• Buy, Sell or Hold: Strong Oil Prices Make Apache Corp. a Good Bet Apache Corp. (NYSE: APA) is not your average oil company. Even with oil prices still comfortably in the $90.00 range, Apache shares recently fell below their 52-week lows. In fact, since April 2011 Apache shares are down by 44%. But with a strong balance sheet and healthy sales forecasts, this company is doing all the right things. Read More...
  • Why Bigger Isn't Always Better in the Oil Business Traditionally, size has determined the impact and profitability of an oil company. But today the stage is set for smaller, well-positioned companies. Energy investors should keep an eye on these "non majors." Here's why. Read More...
  • Australia Shale Oil Discovery Continues the Country's "Lucky" Streak Energy oil dollar small

    Investors are well aware of the shale oil revolution in the United States. But the "revolution" does not end here; it is spreading globally to countries as diverse as China and Poland.

    There is one country in particular though that may experience circumstances similar to the United States, if not greater.

    I'm talking about Australia, which has often been called "The Lucky Country." That description was first penned in 1964 by Donald Horne and he actually meant it negatively at the time.

    But in recent decades, the term has been given a positive spin thanks to Australia's abundance of natural resources and its geographical location near the world's biggest consumer of commodities - China.

    And Australia may have struck luck again thanks to the recent announcement of a massive shale oil discovery.

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  • The Arckaringa Basin Could Be the Largest Shale Oil Find of All Time Today I've got new information on what could be the largest shale oil find ever recorded - an estimated 233 billion barrels of recoverable shale oil.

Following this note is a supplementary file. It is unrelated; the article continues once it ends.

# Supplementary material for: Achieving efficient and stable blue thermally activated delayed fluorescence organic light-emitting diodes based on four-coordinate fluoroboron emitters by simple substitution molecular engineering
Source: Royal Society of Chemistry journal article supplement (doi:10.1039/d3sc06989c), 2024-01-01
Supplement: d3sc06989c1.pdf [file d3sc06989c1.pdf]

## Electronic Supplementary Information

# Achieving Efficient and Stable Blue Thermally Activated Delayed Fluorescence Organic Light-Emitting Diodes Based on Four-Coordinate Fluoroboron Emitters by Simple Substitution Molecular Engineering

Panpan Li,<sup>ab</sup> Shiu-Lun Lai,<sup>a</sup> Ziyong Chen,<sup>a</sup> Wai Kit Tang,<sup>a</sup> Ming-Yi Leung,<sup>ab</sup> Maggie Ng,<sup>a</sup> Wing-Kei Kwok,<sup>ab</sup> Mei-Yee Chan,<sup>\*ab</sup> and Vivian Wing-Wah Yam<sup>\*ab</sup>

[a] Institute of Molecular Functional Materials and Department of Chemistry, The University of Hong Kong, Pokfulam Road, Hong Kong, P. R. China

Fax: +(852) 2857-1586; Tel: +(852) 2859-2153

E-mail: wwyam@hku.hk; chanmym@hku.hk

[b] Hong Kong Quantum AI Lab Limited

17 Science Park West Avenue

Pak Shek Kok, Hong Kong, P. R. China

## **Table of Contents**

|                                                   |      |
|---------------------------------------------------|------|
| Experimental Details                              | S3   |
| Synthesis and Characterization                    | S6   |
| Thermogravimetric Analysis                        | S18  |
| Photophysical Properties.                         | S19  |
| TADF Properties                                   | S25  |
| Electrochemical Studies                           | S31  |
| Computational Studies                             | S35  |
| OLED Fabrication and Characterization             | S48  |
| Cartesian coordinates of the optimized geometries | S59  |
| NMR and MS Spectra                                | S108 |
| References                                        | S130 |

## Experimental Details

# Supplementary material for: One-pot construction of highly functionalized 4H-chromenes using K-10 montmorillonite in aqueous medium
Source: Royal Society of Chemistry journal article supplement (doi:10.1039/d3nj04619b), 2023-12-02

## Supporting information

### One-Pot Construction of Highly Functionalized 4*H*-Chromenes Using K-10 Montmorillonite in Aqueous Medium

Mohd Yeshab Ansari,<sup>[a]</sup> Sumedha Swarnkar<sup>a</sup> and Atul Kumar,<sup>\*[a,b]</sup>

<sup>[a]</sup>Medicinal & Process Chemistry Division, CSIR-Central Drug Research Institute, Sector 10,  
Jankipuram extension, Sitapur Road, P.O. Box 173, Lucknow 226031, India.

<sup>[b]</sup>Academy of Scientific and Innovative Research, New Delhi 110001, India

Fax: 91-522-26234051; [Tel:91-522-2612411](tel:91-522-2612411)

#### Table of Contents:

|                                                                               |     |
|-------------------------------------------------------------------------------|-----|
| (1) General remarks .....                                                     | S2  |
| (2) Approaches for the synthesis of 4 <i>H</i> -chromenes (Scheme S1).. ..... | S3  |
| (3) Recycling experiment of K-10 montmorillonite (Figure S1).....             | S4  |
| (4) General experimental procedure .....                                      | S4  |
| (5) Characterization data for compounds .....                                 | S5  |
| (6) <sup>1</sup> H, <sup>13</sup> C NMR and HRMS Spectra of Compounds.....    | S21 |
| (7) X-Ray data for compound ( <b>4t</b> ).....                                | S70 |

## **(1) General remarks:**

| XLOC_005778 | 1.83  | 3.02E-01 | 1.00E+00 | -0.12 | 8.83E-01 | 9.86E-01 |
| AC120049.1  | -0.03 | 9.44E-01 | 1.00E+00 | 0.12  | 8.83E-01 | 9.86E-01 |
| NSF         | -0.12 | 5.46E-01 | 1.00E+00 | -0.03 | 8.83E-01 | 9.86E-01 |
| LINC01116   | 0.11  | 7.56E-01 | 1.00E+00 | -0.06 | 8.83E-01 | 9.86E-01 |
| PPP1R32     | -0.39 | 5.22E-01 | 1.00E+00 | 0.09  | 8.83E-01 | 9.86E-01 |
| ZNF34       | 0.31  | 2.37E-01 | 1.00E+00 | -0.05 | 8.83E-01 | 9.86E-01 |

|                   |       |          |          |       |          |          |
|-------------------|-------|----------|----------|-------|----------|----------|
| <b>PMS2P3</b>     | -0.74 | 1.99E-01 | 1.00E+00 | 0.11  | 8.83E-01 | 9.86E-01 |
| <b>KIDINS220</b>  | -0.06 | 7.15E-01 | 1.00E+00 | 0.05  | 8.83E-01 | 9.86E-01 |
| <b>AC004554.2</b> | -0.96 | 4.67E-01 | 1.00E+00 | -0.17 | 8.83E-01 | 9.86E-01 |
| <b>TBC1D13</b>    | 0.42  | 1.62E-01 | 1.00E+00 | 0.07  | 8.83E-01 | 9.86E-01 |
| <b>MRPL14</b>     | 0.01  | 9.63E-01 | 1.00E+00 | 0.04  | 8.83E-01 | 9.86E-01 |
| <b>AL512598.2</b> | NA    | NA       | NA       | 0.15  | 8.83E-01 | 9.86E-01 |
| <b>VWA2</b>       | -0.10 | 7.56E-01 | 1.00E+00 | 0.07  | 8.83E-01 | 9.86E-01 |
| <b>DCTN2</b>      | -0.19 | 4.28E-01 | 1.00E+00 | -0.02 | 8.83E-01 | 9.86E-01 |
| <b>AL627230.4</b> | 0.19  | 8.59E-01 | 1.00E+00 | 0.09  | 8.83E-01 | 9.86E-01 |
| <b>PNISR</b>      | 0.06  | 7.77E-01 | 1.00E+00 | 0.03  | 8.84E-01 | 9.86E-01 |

This has got the entire energy world abuzz.

    That's more that all of the oil in Iran, Iraq, Canada, or Venezuela. And it’s just 30 billion barrels shy of all the reserves in oil-rich Saudi Arabia (or at least what they claim to have).

    It's a very exciting find for the (surprising) country where it was found. It means decades of energy independence. Not only that, but the nation will probably begin to export oil in the next few years, too.

    But it's perhaps even more exciting for investors. You see, one small company controls what is shaping up to be the biggest worldwide oil project to hit in 40 or 50 years. And they won't be the only ones who get rich from this. Far from it.

    Take a look Read More...
  • How China and Saudi Arabia Mean You Should Bet on Higher Oil Prices Energy oil barrel small

    As Money Morning Global Energy Strategist Dr. Kent Moors pointed out not long ago, the sky is not falling on oil prices despite what the doomsayers believe.

    There are two crucial countries that are behind the recent rise in oil prices: China and Saudi Arabia.

    And if these two nations keep on their current path, it will mean one thing...

    Even higher oil prices in 2013. Here's why.

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  • After Nexen's Buyout, How Should You Play Canadian Oil Sands Stocks? Energy oil dollar small

    The purchase of Calgary-based energy company Nexen Inc. (NYSE: NXY) for $15.1 billion by China's CNOOC Ltd. (NYSE ADR: CEO) is the largest overseas purchase ever by the world's second-biggest economic power.

    But it will likely be the last time China, or any other country, takes a big chunk out of Canada's oil sands - the world's third-largest proven reserves of crude oil.

    That's because after Canadian Prime Minister Stephen Harper approved the Nexen deal in December, he banned further foreign firms' investment in Canada's oil sands and will allow them only under "exceptional" circumstances.

    "The government's concern and discomfort for some time has been that very quickly, a series of large-scale controlling transactions by foreign state-owned companies could rapidly transform this [oil sands] industry from one that is essentially a free market to one that is effectively under control of a foreign government," Harper said in December.

    "Foreign state control of oil sands development has reached the point at which further such foreign state control would not be of net benefit to Canada," he added.

    But foreign government control isn't the real problem facing Canadian oil sands companies.

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  • Two Reasons to Expect Greater Volatility in Oil Prices The upward pressure on prices is building, reflecting higher revisions in forecasted demand. And this week we got two "outside" signals that mean more volatility ahead. Read More...